My tutorial students enjoy shooting portraits in this museum – their models are very patient and never move. Here, a life-sized statue of a 19th century soldier of the old west strikes a jaunty pose for an energetic 21st century photographer. The two poses contrast strongly, creating an incongruous relationship. I use a 16mm wideangle focal length here, which allows me to stress the energy of my student, filling half the frame with her angular gyrations. Yet the sweep of the wideangle lens also has room to embrace the design of the floor tiles, the 19th century woodwork, and the old soldier, hand to pistol, standing upon his circular platform.
A sense of time and place, Austin, Texas, 2009
Austin’s 19th, 20th, and 21st century architecture offers stunning contrasts in time. The most impressive commercial structure in town, the 515-foot tall Frost Bank Tower, dominates Austin’s skyline. In this image, I contrast its sleek silvery blue glass façade to a vintage advertisement, featuring a stolid cowboy, painted on the side of an old brick structure standing just a few blocks away. In doing so, I incongruously compare Austin’s iconic rustic western image to a symbol of its present day economic muscle. I also try to offer a glimpse into its future – I imply here that Austin can benefit from finding ways to preserve such relics of its vintage western charm, while at the same time continuing to flourish as an economic entity. I photograph both buildings from their corners to give them a sense of spatial dimension. I tilt the camera to create diagonal rhythms within my tight frame that incongruously fuses both structures together. In doing so, I try to express a sense of time, as well as sense of place. Instead of tearing down its past, Austin incorporates it into its present and future.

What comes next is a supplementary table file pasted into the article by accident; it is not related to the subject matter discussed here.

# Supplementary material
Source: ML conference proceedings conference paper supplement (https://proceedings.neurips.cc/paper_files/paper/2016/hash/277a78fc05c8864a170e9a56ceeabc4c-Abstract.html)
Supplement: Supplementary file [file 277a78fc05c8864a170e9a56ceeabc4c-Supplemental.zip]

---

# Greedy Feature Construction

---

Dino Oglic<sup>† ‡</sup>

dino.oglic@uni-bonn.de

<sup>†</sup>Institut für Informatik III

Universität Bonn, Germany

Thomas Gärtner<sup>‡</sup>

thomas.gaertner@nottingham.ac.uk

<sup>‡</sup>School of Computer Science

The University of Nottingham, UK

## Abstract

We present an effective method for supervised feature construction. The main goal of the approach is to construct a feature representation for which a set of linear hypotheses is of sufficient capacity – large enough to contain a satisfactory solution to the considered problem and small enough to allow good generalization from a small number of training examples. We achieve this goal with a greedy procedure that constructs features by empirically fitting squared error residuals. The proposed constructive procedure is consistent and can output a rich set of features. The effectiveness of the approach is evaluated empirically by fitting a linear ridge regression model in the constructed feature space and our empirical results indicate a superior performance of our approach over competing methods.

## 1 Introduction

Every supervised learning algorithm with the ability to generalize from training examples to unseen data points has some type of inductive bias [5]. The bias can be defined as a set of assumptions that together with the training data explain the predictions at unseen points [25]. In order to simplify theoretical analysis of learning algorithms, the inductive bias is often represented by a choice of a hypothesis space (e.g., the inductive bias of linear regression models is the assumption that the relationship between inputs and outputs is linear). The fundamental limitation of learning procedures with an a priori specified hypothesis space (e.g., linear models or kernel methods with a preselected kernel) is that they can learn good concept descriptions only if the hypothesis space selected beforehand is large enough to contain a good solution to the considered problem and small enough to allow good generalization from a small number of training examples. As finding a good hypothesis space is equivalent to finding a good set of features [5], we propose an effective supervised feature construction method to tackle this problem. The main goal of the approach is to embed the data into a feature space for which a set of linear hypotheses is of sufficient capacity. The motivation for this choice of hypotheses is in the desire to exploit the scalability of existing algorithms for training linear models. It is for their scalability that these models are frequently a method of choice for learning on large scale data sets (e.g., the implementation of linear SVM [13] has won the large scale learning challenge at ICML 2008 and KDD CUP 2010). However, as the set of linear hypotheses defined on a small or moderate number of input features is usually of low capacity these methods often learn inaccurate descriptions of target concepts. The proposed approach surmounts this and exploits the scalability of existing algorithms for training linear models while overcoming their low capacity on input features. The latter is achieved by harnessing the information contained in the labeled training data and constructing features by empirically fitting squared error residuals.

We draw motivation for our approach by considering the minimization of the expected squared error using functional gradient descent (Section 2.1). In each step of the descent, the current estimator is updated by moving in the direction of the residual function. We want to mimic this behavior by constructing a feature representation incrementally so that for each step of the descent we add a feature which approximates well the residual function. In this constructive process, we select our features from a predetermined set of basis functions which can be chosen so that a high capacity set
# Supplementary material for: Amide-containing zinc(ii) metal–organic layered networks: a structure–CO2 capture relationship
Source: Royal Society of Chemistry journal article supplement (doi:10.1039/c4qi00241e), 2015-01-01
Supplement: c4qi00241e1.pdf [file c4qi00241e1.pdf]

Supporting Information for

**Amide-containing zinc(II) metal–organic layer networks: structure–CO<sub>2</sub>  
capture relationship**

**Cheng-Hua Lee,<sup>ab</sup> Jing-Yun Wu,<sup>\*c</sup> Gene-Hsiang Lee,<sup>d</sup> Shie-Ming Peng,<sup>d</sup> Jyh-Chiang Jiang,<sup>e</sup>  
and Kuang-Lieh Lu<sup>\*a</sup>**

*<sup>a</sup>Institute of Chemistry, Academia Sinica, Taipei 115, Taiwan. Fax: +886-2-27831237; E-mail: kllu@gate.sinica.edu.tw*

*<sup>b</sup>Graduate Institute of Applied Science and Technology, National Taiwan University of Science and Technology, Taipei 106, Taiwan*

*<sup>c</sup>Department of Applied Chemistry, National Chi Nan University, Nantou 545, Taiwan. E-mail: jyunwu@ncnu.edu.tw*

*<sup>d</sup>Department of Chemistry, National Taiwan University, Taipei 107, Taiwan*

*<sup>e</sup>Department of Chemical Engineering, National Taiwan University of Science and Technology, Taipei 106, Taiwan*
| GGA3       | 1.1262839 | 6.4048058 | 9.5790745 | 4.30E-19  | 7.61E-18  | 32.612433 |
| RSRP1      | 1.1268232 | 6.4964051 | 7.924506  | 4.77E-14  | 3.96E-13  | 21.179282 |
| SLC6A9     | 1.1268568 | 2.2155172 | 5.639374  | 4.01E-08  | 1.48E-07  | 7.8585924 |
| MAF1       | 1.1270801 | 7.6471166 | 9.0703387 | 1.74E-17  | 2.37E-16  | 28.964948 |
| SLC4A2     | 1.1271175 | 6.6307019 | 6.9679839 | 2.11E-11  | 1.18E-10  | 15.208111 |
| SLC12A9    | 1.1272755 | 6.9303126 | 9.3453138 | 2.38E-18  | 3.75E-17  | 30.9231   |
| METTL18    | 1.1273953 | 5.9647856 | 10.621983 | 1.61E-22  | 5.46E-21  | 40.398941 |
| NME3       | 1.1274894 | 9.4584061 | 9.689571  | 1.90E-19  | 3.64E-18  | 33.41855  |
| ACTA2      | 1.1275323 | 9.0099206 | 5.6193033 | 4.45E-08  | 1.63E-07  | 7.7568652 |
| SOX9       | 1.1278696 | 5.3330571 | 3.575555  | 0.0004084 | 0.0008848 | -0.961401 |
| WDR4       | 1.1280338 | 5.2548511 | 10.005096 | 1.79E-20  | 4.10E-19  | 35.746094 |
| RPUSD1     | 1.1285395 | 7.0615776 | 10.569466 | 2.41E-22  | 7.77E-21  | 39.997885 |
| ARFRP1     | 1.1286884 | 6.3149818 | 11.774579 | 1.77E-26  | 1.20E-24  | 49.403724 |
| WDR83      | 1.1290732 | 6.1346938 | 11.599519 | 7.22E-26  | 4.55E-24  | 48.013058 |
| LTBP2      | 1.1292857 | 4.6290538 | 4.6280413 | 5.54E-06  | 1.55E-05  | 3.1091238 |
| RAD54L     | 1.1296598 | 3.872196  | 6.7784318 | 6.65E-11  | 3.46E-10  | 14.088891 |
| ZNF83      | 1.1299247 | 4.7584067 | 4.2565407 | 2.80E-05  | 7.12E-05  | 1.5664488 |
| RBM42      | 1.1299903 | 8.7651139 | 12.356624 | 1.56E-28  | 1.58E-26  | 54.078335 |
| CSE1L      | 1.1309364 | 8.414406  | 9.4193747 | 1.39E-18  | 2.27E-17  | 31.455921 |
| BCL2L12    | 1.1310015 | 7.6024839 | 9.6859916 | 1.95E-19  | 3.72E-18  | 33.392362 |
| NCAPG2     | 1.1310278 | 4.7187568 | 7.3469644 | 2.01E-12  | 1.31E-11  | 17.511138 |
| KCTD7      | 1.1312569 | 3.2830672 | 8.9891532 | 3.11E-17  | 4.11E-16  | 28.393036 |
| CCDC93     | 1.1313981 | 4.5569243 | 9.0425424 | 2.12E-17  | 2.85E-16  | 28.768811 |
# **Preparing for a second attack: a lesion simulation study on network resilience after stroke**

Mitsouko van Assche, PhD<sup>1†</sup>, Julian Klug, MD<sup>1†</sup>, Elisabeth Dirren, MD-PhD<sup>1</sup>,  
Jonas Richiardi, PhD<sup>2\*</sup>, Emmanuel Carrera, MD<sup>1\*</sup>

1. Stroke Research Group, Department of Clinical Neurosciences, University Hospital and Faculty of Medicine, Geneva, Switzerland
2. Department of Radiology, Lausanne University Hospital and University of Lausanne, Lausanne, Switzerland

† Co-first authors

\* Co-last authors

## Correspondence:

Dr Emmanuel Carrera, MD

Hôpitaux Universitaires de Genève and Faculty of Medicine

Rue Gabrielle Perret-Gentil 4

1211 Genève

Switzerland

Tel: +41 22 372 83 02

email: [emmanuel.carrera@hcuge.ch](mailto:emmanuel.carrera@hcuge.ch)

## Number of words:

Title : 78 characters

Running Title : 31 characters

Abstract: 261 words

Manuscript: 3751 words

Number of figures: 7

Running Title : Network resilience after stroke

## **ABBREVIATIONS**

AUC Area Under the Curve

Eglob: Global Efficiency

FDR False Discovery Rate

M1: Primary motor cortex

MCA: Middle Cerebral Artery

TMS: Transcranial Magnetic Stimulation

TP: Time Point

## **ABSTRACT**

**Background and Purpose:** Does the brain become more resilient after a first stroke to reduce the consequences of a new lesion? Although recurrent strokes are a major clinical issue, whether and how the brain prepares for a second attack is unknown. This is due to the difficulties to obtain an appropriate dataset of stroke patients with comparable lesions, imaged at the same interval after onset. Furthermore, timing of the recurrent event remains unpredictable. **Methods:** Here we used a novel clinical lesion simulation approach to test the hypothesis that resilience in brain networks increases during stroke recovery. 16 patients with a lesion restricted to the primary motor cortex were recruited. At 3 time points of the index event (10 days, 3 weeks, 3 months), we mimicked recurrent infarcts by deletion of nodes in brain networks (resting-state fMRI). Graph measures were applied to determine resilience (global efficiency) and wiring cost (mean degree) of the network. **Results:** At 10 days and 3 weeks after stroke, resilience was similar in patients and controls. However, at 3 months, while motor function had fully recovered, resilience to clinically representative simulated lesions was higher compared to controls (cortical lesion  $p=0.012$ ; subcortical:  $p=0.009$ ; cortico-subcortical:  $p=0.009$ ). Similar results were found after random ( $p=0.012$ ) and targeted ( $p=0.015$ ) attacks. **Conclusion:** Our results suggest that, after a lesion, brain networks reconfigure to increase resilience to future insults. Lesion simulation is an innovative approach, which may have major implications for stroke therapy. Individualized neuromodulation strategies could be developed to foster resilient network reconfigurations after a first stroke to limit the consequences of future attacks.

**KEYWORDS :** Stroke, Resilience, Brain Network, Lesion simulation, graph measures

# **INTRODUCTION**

Old friends, Saguaro National Park, Tucson, Arizona, 2009